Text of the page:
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Mr. Jian-Ye Wang, Mr. Yo Kikuchi, Mr. Sidhartha Choudhury, and Mr. Mario Mansilla

the institutional arrangements for providing official export credit support are summarized in Boxes 2.1 and 2.2 . The first box also presents background information on the trade finance market, including key trade finance providers besides official export credit agencies. Volume of Export Credits Official support for export credits has remained the most important debt financing instrument of official bilateral creditors for developing countries. New commitments by official export credit agencies have shown a procyclical pattern, falling substantially in the

Mr. Jian-Ye Wang, Mr. Yo Kikuchi, Mr. Sidhartha Choudhury, and Mr. Mario Mansilla

export credit agencies play today? Is there a need for continued government involvement in international trade finance? What are the key challenges facing public agencies in industrialized countries? What are the implications for developing countries and the new agencies that have been set up in those nations to promote export development? This study addresses these questions by assessing the available statistical evidence, summarizing the various responses by public and private trade finance providers, and drawing policy implications that may have consequences for

Mr. Jian-Ye Wang, Mr. Yo Kikuchi, Mr. Sidhartha Choudhury, and Mr. Mario Mansilla

.S. Export-Import Bank, which has an explicit policy of not competing with the private sector, recognizes that there is a role for ECAs in higher-risk markets (e.g., sub-Saharan Africa), multibillion-dollar transactions, nonstructured medium-term export financing to noninvestment grade borrowers, and small business exporters. 9 This assessment was broadly shared by private trade finance providers. Between the importers in countries with full and reliable access to private market financing (relatively low risk markets) and those that rely primarily on grants and other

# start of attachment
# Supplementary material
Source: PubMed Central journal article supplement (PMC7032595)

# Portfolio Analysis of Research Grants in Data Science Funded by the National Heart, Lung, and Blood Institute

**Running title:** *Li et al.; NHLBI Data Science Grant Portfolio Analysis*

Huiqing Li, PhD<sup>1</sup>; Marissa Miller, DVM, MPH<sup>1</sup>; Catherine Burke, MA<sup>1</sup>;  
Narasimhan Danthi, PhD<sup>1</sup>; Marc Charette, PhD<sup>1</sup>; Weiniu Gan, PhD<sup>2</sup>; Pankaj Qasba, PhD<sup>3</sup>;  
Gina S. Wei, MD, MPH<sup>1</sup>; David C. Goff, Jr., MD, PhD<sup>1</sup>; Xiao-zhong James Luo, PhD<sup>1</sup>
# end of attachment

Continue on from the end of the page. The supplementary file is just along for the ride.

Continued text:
Mr. Jian-Ye Wang, Mr. Yo Kikuchi, Mr. Sidhartha Choudhury, and Mr. Mario Mansilla

Abstract

The decisions of the OECD governments to further reduce subsidies and to downsize government-supported businesses in the early 1990s were key factors in setting in motion the retreat of official agencies as suppliers of short-term export credits in industrial countries. Both national and international policies have also had a direct impact on the level, destination, and sectoral allocation of officially supported export credits. The subsequent rise of the private sector represents a fundamental force reshaping the landscape of international trade finance, with long-term implications for official agencies.

Mr. Jian-Ye Wang, Mr. Yo Kikuchi, Mr. Sidhartha Choudhury, and Mr. Mario Mansilla

Abstract

Over the past decade, the private sector has grown to become capable of providing trade financing adequately and competitively in certain markets previously dominated by official export credit agencies. Official ECAs also have to deal with two other sources of competition originating from economic development in recipient countries: the expansion of domestic banking capacity, and improved access of borrowing countries to other sources of international financing as their income level and creditworthiness rise. The current top markets of ECAs may eventually become self-sufficient in meeting the financing needs for their capital goods imports and even in large project financing. (For instance, such was the case in Spain in the 1960s, Korea in the 1980s, and Mexico and possibly China more recently.) If these factors continue to develop, official ECAs’ share in world trade may decline further. Especially in OECD countries, official ECAs are facing the challenge of private sector competition and an associated adverse selection problem—how to break even while covering the riskiest segments of the market.